Altered weather patterns, increased temperatures, and changing rainfall regimes affect rainforest ecosystems. These changes can disrupt the availability of prey, nesting sites, and overall habitat suitability for the Chocolate-backed Kingfisher.

Water Quality and Prey Availability

Heavy rainfall can lead to flooding, dispersing fish (their primary prey) in fast-flowing water.

Clouded water with mud makes it difficult for Kingfishers to find and catch prey. This challenge becomes critical when they are feeding their young ones.

Illegal Wildlife Trade

Although not as prominent as for some other species, illegal trade in wildlife can still impact the Chocolate-backed Kingfisher. Ensuring effective enforcement against poaching and trafficking is essential.

Human Disturbance

Human activities, including tourism and infrastructure development, can disrupt nesting sites for bird species. Noise, pollution, and disturbance near their habitats can stress the kingfishers and affect their breeding success. Conservation efforts, habitat protection, and community engagement are crucial to mitigate these threats and secure the future of this captivating forest Kingfishers.

Conservation measures for Chocolate-backed Kingfishers

Conservation efforts for the Chocolate-backed Kingfisher are crucial to safeguarding this remarkable bird species toether with their habitats.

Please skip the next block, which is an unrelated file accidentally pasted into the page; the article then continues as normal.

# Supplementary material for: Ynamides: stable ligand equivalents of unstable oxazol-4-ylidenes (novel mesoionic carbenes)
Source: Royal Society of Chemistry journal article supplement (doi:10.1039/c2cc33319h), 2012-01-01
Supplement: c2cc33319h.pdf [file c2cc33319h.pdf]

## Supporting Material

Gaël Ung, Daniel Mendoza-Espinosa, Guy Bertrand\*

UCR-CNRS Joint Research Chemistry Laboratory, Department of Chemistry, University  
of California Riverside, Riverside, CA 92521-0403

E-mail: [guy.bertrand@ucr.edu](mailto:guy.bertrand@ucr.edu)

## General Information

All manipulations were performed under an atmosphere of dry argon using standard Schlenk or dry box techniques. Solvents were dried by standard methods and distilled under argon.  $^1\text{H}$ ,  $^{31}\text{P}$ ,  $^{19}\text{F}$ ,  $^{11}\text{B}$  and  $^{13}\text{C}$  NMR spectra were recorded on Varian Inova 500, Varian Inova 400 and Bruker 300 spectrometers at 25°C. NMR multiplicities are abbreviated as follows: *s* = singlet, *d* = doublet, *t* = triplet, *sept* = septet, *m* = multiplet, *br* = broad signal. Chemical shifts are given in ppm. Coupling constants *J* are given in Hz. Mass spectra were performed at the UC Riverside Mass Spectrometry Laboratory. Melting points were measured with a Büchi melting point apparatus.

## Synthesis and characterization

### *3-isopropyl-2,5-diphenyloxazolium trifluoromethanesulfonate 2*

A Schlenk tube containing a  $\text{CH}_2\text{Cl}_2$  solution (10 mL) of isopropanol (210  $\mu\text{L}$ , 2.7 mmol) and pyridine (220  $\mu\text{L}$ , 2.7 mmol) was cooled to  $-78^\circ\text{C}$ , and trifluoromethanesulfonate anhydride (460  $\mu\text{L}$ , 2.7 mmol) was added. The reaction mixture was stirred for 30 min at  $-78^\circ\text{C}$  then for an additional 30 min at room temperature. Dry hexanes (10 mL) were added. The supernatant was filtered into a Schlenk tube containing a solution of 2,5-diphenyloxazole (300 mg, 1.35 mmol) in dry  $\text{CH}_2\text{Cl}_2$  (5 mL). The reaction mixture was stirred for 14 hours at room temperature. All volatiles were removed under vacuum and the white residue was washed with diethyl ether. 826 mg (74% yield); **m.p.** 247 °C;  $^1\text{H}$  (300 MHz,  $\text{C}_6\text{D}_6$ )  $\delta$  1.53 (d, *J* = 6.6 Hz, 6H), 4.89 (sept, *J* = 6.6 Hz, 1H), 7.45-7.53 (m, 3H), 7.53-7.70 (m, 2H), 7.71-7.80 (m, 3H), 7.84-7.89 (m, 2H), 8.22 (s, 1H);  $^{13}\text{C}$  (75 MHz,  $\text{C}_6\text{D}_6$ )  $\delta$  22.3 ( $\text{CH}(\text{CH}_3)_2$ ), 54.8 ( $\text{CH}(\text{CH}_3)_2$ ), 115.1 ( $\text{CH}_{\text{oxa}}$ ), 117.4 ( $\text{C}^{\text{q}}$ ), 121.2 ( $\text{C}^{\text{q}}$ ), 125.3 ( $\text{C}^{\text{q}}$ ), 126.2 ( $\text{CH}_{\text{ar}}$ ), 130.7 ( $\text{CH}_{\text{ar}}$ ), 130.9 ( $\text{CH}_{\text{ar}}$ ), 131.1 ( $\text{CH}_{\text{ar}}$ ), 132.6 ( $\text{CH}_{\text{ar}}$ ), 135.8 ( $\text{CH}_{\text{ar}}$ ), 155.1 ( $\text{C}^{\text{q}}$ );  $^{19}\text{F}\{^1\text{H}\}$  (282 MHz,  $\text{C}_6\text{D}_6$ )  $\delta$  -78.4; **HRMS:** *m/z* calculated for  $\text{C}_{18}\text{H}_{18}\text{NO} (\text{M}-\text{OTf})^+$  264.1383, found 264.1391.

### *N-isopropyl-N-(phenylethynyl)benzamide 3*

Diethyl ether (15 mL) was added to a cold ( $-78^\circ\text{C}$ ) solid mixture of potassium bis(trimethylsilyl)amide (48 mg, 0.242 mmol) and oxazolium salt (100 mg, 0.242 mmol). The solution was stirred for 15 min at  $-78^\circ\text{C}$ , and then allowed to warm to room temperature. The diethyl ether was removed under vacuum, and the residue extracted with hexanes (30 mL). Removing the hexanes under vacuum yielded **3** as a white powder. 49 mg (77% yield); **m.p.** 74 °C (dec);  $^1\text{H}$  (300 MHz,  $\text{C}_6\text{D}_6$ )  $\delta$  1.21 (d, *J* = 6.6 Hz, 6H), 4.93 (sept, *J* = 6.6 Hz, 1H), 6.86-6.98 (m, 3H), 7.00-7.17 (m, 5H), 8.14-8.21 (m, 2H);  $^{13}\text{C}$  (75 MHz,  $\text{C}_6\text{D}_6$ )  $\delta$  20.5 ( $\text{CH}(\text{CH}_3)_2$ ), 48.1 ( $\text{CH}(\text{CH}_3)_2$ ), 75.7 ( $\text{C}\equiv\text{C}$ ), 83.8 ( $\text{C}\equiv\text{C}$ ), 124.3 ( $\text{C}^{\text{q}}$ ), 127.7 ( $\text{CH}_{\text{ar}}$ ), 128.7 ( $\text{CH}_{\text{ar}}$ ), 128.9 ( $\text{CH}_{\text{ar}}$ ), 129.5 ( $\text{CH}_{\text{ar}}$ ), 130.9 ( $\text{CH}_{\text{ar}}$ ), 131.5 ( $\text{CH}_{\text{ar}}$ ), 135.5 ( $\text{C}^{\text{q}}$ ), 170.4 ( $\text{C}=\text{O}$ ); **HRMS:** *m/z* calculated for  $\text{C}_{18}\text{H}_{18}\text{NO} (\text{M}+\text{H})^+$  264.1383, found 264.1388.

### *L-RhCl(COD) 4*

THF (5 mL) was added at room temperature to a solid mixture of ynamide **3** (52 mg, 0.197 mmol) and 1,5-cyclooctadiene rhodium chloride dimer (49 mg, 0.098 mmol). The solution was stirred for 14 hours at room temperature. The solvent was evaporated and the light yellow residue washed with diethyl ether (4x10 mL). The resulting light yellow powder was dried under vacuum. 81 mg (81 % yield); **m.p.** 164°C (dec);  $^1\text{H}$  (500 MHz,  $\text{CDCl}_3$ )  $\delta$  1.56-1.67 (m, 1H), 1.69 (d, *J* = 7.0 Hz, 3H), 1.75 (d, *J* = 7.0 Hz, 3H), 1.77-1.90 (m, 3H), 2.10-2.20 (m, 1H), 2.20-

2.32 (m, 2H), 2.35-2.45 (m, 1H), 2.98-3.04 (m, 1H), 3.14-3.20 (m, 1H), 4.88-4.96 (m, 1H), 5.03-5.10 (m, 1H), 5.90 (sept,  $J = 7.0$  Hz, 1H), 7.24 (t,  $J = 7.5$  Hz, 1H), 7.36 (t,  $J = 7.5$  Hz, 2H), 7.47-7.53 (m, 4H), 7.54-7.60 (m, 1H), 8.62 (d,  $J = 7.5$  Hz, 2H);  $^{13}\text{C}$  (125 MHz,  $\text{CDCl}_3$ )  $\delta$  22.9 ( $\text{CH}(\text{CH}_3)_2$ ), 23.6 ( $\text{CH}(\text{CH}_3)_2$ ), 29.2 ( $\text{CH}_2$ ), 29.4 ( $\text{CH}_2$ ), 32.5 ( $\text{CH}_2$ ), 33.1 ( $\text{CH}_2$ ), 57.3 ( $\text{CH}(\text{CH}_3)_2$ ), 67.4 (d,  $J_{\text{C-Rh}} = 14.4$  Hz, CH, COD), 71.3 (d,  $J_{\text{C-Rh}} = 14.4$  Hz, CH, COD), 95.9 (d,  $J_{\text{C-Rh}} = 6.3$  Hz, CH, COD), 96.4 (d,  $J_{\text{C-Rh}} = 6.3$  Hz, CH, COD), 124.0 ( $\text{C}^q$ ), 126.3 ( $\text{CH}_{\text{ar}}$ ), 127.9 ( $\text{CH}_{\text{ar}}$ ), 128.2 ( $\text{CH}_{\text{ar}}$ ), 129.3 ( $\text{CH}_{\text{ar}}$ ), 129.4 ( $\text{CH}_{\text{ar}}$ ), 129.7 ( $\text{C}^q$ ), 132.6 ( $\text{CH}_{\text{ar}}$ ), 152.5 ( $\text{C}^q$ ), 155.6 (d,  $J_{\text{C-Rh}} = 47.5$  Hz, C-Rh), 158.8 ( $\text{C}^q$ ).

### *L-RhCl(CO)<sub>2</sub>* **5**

Habitat Protection

Preserving the rainforest habitats where these Kingfishers reside is essential. Deforestation poses a significant threat to their survival. Efforts to establish and maintain protected areas within their range can help ensure suitable nesting sites and foraging grounds.

Research and Monitoring

Scientists and conservationists continue to study the Chocolate-backed Kingfisher’s behaviour, ecology, and population dynamics. Monitoring their populations helps track changes and assess the effectiveness of conservation measures.

Community Engagement

Local communities play a vital role in conservation. Through education and community sensitization programmes, we can raise awareness about the importance of preserving biodiversity and the unique species found in its midst. Involving communities in sustainable practices and habitat restoration efforts fosters a sense of ownership and responsibility.

International Collaboration

Cross-border cooperation between countries within the Kingfisher’s range is essential. Joint efforts can address threats such as habitat loss, climate change, and the illegal wildlife trade.

Advocacy and Policy

Advocacy groups and organisations work to advocate for policies that protect rainforests and their inhabitants. Legislation supporting habitat conservation and wildlife protection is crucial for long-term success. Remember, every small step counts! By supporting conservation initiatives, we contribute to the well-being of not only the Chocolate-backed Kingfisher as well as the entire habitats of the ecosystem.